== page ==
Polar Bear (Ursus maritimus)
Image credit: © San Diego Zoo Wildlife Alliance. All rights reserved.
Genus: Ursus — bears
Species: Ursus maritimus — polar bear, white bear, sea bear
Female: 200 cm (6 ft)
76–127 mm (3–5 in)
Female: typically 150–350 kg (330–770 lb)
White, yellowish, or grayish (varies with season and light). Black nose, lips, and skin.
Distribution & Status
Behavior & Ecology
Circumpolar, Arctic: Canada, United States (Alaska), Greenland/Denmark, Russia, Norway (including Svalbard). A few individuals occasionally reach Iceland.
Most commonly, annual ice fields over shallow coastal waters. Some occur in the permanent multi-year pack ice (Central Arctic). Increased use of land habitats reported in recent decades, due to sea ice loss.
Vulnerable (2015 assessment)
Populations in the Wild
Approximately 26,000 individuals (among 19 subpopulations)
Adapted primarily for walking; conserve energy when moving at slow speeds. Move easily over rugged terrain.
Walk "flat-footed" (plantigrade). Excellent swimmers (use oar-like forepaws) and capable divers (up to 45 ft, though mainly less than 15 ft). Overheat easily when running due to thick fat layer under fur (for insulation against cold).
Depends on season; see Activity Cycle.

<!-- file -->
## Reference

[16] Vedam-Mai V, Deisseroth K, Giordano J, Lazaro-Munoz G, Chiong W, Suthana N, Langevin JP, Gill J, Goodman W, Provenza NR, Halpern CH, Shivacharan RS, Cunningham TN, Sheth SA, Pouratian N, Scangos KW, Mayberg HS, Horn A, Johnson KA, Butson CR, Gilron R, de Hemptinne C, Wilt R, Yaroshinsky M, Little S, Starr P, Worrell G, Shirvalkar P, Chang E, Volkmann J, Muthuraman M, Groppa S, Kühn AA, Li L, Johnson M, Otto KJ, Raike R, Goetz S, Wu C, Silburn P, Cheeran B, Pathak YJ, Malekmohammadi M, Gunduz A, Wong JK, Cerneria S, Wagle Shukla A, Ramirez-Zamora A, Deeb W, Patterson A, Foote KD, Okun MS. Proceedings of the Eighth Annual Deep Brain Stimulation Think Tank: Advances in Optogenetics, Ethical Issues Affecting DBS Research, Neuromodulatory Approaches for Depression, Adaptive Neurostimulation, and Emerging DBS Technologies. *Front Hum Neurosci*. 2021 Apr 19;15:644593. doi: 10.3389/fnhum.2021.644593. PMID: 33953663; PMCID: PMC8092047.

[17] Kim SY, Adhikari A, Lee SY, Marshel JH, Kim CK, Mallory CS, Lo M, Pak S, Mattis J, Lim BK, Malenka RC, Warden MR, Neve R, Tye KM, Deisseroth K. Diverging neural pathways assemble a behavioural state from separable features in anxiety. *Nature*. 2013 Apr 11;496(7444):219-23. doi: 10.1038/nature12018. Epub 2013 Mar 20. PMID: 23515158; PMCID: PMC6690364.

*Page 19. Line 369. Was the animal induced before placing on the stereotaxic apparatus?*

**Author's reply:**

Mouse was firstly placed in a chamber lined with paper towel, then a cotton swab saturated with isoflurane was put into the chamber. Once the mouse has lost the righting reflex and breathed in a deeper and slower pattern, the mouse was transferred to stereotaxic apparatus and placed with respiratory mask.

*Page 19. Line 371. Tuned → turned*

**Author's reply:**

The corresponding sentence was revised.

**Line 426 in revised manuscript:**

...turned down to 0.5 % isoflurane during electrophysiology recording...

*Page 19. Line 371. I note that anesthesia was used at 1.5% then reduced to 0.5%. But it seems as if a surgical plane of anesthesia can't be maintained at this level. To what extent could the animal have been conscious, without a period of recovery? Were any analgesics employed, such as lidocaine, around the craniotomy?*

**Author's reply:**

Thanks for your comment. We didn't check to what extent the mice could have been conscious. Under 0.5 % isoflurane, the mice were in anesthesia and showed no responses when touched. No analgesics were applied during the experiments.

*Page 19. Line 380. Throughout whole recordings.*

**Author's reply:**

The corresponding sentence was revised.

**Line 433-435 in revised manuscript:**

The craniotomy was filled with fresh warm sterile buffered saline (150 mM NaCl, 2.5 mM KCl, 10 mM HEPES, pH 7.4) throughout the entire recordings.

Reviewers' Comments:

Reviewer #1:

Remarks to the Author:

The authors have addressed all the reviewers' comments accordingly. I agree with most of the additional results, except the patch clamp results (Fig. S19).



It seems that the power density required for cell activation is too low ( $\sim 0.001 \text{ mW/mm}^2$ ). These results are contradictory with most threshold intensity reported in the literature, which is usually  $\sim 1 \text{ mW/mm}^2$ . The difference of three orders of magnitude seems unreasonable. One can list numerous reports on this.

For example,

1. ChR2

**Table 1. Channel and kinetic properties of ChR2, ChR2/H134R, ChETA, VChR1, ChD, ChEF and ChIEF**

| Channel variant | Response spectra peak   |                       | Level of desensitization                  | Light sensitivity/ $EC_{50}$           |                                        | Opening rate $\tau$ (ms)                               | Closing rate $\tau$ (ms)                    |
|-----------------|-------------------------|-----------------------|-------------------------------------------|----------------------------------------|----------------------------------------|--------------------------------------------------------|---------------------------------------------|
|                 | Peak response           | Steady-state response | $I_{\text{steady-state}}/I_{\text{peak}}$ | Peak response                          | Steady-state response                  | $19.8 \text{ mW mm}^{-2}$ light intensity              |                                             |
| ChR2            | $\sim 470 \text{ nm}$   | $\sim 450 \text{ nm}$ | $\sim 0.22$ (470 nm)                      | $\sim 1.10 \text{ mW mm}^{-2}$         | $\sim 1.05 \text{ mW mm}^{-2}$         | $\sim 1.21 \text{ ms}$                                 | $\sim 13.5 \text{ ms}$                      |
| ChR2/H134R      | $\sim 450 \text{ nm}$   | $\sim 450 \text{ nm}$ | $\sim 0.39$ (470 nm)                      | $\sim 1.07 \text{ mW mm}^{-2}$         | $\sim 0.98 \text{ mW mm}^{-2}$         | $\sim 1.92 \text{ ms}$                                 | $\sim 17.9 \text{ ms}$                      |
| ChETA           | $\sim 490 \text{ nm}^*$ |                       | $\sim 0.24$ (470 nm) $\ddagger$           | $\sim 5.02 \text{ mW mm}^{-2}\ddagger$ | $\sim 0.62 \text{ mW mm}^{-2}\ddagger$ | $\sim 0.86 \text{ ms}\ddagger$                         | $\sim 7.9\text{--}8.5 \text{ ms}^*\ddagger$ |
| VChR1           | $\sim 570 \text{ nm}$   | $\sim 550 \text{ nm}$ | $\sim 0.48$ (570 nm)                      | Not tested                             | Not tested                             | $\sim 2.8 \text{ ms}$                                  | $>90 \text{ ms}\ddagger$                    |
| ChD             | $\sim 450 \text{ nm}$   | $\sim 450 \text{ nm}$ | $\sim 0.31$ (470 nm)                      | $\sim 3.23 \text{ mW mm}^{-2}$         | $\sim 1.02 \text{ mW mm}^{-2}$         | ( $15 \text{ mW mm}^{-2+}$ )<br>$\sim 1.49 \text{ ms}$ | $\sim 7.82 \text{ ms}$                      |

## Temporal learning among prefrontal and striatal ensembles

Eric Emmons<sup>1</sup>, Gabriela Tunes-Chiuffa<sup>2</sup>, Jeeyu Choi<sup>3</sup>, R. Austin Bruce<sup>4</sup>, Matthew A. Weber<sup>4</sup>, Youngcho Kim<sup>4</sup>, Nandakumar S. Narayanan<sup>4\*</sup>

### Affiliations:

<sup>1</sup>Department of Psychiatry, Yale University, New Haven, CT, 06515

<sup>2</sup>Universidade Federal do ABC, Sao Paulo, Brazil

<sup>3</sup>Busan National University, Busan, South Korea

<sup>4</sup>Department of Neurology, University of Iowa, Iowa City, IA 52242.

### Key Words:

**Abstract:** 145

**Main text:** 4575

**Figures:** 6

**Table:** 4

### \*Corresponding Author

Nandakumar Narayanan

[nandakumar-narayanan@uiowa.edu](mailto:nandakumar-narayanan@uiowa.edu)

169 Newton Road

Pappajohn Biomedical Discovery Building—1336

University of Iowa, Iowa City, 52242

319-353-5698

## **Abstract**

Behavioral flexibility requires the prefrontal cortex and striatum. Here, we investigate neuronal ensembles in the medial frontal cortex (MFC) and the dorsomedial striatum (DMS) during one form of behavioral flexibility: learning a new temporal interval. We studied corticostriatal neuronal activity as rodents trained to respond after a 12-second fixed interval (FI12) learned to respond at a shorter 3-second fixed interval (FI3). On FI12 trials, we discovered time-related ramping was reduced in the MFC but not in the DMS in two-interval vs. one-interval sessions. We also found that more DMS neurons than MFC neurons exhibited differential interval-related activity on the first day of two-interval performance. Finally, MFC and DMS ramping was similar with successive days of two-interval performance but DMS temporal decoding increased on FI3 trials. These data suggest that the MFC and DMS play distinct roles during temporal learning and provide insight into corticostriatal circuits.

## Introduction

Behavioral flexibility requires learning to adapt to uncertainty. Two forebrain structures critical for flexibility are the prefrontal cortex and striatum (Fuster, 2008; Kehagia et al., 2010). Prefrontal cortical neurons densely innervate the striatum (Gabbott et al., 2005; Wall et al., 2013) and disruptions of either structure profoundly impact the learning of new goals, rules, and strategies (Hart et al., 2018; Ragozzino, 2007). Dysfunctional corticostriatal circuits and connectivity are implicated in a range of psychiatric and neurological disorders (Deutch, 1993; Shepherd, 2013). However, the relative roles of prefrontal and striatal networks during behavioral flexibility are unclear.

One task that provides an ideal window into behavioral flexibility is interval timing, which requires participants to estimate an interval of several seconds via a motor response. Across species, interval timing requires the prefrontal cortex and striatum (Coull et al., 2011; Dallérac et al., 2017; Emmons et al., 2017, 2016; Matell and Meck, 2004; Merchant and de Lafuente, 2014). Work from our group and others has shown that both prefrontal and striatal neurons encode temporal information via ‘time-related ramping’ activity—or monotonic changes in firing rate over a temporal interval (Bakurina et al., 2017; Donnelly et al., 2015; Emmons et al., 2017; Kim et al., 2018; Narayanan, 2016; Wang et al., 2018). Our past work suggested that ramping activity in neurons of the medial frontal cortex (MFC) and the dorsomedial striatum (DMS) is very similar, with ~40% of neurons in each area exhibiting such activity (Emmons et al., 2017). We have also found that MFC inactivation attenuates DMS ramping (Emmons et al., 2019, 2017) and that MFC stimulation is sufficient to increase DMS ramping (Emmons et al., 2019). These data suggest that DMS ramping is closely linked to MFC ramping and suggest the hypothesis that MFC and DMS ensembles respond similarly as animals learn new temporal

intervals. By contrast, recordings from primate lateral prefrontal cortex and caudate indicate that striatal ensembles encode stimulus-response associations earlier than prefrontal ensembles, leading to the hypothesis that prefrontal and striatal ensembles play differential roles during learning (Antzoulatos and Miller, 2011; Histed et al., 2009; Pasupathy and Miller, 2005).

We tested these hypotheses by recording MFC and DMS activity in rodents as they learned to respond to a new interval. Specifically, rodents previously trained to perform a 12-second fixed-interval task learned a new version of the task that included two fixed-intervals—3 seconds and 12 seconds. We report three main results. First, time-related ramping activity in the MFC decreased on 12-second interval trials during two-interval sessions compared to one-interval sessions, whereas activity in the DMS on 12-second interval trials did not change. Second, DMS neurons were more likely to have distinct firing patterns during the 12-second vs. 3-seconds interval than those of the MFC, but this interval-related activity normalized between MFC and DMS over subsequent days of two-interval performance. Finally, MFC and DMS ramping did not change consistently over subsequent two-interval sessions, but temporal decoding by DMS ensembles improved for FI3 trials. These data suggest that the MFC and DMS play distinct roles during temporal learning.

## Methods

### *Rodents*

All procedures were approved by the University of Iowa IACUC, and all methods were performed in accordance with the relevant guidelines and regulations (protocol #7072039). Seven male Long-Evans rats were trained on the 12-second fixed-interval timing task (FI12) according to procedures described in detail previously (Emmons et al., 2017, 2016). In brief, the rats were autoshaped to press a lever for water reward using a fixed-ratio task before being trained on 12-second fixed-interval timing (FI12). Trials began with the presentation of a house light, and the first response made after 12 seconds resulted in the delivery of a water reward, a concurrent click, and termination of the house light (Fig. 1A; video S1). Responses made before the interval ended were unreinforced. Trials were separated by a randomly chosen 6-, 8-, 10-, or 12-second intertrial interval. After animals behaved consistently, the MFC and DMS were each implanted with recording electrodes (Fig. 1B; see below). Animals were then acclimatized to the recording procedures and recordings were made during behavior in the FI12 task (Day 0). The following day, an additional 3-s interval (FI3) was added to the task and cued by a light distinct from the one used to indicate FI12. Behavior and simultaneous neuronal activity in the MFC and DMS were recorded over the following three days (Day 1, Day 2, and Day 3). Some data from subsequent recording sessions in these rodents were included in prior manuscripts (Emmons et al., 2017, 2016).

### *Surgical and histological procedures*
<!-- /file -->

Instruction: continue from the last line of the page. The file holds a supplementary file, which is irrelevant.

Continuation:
Generally solitary, except for females with cubs and brief periods during breeding season. Also when feeding at concentrated food resources (e.g., whale carcasses). Adult males may also congregate along the coast while on land.
Sense of smell well developed. Appear to be sensitive to scent of other polar bears, though role of smell/pheromones not well known.
Highly carnivorous diet — mainly marine mammals, particularly blubber and skin of ringed seals. Population size largely determined by ringed seal availability.
Reproduction & Development
Females: 4–5 years, on average
Typically 2 cubs (about 70% of births).
600–700 g (1 lb 5 oz to 1 lb 9 oz)
Born November to January. Emerge from den in March or April.
Age at Weaning
About 24 to 28 months. Nurse for at least 1 year.
Typical Life Expectancy
Wild populations: 15–18 years
Managed care: median life expectancy of males is about 21 years
© 2009-2023 San Diego Zoo Wildlife Alliance. Science content update and review: 2023.
How to cite: Polar Bear (Ursus maritimus) Fact Sheet. c2009-2023. San Diego (CA): San Diego Zoo Wildlife Alliance; [accessed YYYY Mmm dd]. http://ielc.libguides.com/sdzg/factsheets/ polarbear
(Note: replace YYYY Mmm dd with date accessed, e.g., 2015 Jan 15)
Disclaimer: Although San Diego Zoo Wildlife Alliance makes every attempt to provide accurate information, some of the facts provided may become outdated or replaced by new research findings. Questions and comments may be addressed to email@example.com.
Many thanks to polar bear scientists Drs. Anthony M. Pagano (USGS), Nicholas Pilfold (SDZWA), and John P. Whiteman (Old Dominion University) for providing expert content review of this fact sheet (in September 2023).
View their research publications on Google Scholar: